DURING HIS youth, Jose Rizal was, in many ways, just a simple teenager who had big dreams for himself and his country. As we commemorate the 119th year of his martyrdom, take a look at some interesting facts about his formative years while studying in the University of Santo Tomas (UST)—years before he became one of the cornerstones of our nation’s identity. 1. A second home Like most college students at present, Rizal resided in a dormitory to avoid the inconvenience of traveling to and from UST daily. He found a second home in Casa Tomasina, a boarding house at Calle 6, Santo Tomas, behind the walls of Intramuros. He shared it with friends from a secretive organization called Compañerismo or Compañeros de Jehu of which he was president and treasurer. 2. The unsettled
WHAT DOES it take for a Thomasian to earn a National Artist nomination? Filimon “Fil” Delacruz celebrates his past years in the arts scene through a solo exhibit titled “PARA/PHRASE: An Artist’s Journey in Fine Print and Painting.” A visit to the National Commission for Culture and Arts (NCCA) gallery while strolling along the streets of Intramuros is an addition to your to-do list before November ends. 1. Exploring circumstances in “Aftermath” Designed with various patterns and shapes which embrace the entirety of the canvas, “Aftermath” is a detailed work of art which expresses concern towards the degradation of natural resources and its implications for the health of humanity. It tackles the delusional reality of how humans isolate themselves from the environment, relying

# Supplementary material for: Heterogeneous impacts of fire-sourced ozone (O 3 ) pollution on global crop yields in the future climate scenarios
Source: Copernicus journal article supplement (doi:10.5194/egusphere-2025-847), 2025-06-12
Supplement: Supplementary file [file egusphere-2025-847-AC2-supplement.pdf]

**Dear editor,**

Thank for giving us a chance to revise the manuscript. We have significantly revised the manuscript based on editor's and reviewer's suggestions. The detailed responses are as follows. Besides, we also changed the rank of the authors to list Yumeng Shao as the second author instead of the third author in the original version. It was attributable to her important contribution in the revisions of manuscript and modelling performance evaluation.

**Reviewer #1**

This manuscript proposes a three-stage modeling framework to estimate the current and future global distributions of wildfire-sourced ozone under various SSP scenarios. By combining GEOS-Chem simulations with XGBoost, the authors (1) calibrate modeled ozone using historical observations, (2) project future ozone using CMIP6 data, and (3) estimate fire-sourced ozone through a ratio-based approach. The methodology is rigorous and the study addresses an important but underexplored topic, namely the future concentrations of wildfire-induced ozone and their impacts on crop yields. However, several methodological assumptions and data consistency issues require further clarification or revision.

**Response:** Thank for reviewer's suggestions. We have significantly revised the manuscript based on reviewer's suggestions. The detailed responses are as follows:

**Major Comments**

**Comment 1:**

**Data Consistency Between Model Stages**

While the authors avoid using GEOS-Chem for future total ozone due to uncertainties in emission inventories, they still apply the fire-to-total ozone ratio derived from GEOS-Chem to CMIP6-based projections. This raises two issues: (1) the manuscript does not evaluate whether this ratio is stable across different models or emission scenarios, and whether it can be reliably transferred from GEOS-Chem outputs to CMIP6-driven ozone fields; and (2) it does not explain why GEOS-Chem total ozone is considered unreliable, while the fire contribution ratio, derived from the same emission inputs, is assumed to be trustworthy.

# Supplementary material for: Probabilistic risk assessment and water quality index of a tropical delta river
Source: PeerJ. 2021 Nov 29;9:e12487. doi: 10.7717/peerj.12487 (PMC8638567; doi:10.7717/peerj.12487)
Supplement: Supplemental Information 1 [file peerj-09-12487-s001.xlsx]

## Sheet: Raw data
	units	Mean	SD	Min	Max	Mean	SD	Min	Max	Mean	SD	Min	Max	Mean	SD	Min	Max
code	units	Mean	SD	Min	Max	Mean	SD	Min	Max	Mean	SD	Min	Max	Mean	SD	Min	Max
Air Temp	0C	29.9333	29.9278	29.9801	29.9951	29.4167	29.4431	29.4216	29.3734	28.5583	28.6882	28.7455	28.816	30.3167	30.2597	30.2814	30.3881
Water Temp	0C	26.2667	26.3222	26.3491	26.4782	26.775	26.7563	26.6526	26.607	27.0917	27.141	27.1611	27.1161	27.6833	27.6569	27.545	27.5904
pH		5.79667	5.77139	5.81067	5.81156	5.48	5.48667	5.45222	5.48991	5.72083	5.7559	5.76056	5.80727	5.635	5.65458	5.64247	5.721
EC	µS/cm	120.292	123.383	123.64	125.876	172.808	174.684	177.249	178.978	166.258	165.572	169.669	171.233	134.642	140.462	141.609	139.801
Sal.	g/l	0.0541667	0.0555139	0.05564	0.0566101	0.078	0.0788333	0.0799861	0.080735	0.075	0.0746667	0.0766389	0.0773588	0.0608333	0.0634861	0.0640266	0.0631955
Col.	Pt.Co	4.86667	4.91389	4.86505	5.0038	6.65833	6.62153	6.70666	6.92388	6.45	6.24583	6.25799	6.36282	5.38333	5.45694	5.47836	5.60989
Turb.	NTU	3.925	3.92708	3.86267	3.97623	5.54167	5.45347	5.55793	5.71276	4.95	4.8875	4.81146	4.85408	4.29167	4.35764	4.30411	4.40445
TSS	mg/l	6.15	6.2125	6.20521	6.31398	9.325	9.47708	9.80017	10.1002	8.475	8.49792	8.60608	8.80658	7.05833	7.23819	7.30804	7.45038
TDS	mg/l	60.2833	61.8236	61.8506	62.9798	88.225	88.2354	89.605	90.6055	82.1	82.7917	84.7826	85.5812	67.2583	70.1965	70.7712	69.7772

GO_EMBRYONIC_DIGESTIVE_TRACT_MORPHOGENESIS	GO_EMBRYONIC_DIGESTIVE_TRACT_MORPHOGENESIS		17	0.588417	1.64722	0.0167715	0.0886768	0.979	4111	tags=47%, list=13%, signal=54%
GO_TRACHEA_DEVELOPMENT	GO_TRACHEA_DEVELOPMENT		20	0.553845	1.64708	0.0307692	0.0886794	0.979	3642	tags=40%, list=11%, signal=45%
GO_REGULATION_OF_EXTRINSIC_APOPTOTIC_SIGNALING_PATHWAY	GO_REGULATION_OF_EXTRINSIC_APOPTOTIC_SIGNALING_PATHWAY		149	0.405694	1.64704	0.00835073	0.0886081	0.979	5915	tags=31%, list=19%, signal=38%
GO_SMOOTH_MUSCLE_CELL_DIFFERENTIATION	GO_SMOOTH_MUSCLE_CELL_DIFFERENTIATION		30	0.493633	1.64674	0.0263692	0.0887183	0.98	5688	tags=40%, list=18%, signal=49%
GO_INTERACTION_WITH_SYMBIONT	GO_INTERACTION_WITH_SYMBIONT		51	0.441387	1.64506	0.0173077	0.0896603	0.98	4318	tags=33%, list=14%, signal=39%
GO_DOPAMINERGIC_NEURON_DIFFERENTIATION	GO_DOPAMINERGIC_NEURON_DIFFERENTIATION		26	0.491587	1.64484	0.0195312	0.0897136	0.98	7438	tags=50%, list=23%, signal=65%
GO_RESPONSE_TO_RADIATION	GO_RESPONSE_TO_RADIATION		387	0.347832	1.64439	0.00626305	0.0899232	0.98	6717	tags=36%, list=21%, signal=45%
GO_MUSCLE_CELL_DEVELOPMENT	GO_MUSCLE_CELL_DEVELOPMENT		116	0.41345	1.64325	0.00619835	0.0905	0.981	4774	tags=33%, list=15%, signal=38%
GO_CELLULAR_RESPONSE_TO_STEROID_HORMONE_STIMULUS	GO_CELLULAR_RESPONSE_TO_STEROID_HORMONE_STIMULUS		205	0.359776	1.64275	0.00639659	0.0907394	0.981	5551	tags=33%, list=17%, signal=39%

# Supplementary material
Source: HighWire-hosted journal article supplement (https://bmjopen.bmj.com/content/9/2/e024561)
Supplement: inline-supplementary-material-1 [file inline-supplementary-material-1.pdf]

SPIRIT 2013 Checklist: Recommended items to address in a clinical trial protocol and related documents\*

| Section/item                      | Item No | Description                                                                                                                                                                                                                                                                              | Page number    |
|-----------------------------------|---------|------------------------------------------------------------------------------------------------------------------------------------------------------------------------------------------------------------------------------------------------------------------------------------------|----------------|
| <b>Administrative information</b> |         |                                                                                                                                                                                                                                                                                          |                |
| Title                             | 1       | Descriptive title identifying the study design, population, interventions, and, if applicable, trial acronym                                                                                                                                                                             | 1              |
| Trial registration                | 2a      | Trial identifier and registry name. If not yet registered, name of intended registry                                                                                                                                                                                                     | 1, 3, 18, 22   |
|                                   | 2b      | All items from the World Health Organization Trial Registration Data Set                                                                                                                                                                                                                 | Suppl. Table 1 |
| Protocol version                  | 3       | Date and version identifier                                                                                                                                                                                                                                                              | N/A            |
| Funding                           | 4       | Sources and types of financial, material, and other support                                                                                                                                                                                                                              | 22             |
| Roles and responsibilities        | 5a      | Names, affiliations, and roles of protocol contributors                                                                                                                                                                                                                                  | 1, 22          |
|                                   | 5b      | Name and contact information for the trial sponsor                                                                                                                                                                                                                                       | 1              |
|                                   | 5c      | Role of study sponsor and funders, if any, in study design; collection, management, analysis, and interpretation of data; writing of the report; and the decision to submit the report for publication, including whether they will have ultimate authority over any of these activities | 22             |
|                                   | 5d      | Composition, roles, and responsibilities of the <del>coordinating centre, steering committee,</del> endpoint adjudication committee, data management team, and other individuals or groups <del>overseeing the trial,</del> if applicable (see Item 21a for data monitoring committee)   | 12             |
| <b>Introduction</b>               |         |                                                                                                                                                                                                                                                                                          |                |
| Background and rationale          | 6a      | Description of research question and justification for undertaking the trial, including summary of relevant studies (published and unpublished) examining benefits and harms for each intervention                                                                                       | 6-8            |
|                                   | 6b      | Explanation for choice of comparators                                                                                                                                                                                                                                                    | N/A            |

WHAT WOULD you give to learn about Philippine regional literature, witness ethnic song and dance performances, and have coffee with a national artist? Donating a book as a ticket to this kind of a three-day celebration was certainly on the bucket list. Literature and performing arts enthusiasts gathered at the Cultural Center of the Philippines (CCP) at the launch of the first Performatura Festival last Nov. 6-8, 2015. Regional rescue of a cultural identity A king graced the halls of the Bulwagang Alagad ng Sining on Nov. 7, Saturday, during the Performatura Festival. However, Jaspe B. Dula did not acquire his kingship through blood or battle, nor did he rule over vast lands and kingdoms. Instead, the “King of Crissotan” earned his crown by being the most sonorous poet lau
IT IS AGAIN that time of the year when stories of ghostly creatures and haunting experiences are seen on television and heard on radio. But before the fame of vampires, werewolves, and zombies, the early people feared mythical creatures from their legends and folklore. Here are some scary creatures from around the world that would keep you on your toes when hit by wanderlust. MEXICO: La Llorona (The Weeping Woman) The story of La Llorona is popular among the Hispanics in Mexico and Southwest America. Maria was the most beautiful girl in her village. She married a young and handsome ranchero. They had two sons. It came to a time when she developed anger and jealousy as her husband grew bored of her, turning to other women and favoring the company of their sons instead. One v...
ART PATRONS assembled at the SM Aura Convention Center last Oct. 8 to 11 to view this year’s ManilArt. With the theme “Raising the Philippine Colors on the World Stage,” the country’s longest-running art fair showcased and uplifted Filipino pride and talent through visual arts such as ceramics, drawing, painting, sculpture, printmaking, design, crafts, and photography. Let us explore some favorites and see why ManilArt has continued to amaze audiences for seven years and counting: 1. Ferdinand Cacnio's “Round and Round and Around We Go” There is that sweet spot when one is childlike and jaded—not trying, but in a state of arrival. One flies but his movement is tempered with caution. It would be foolish to be careless but then there is lightness in not going through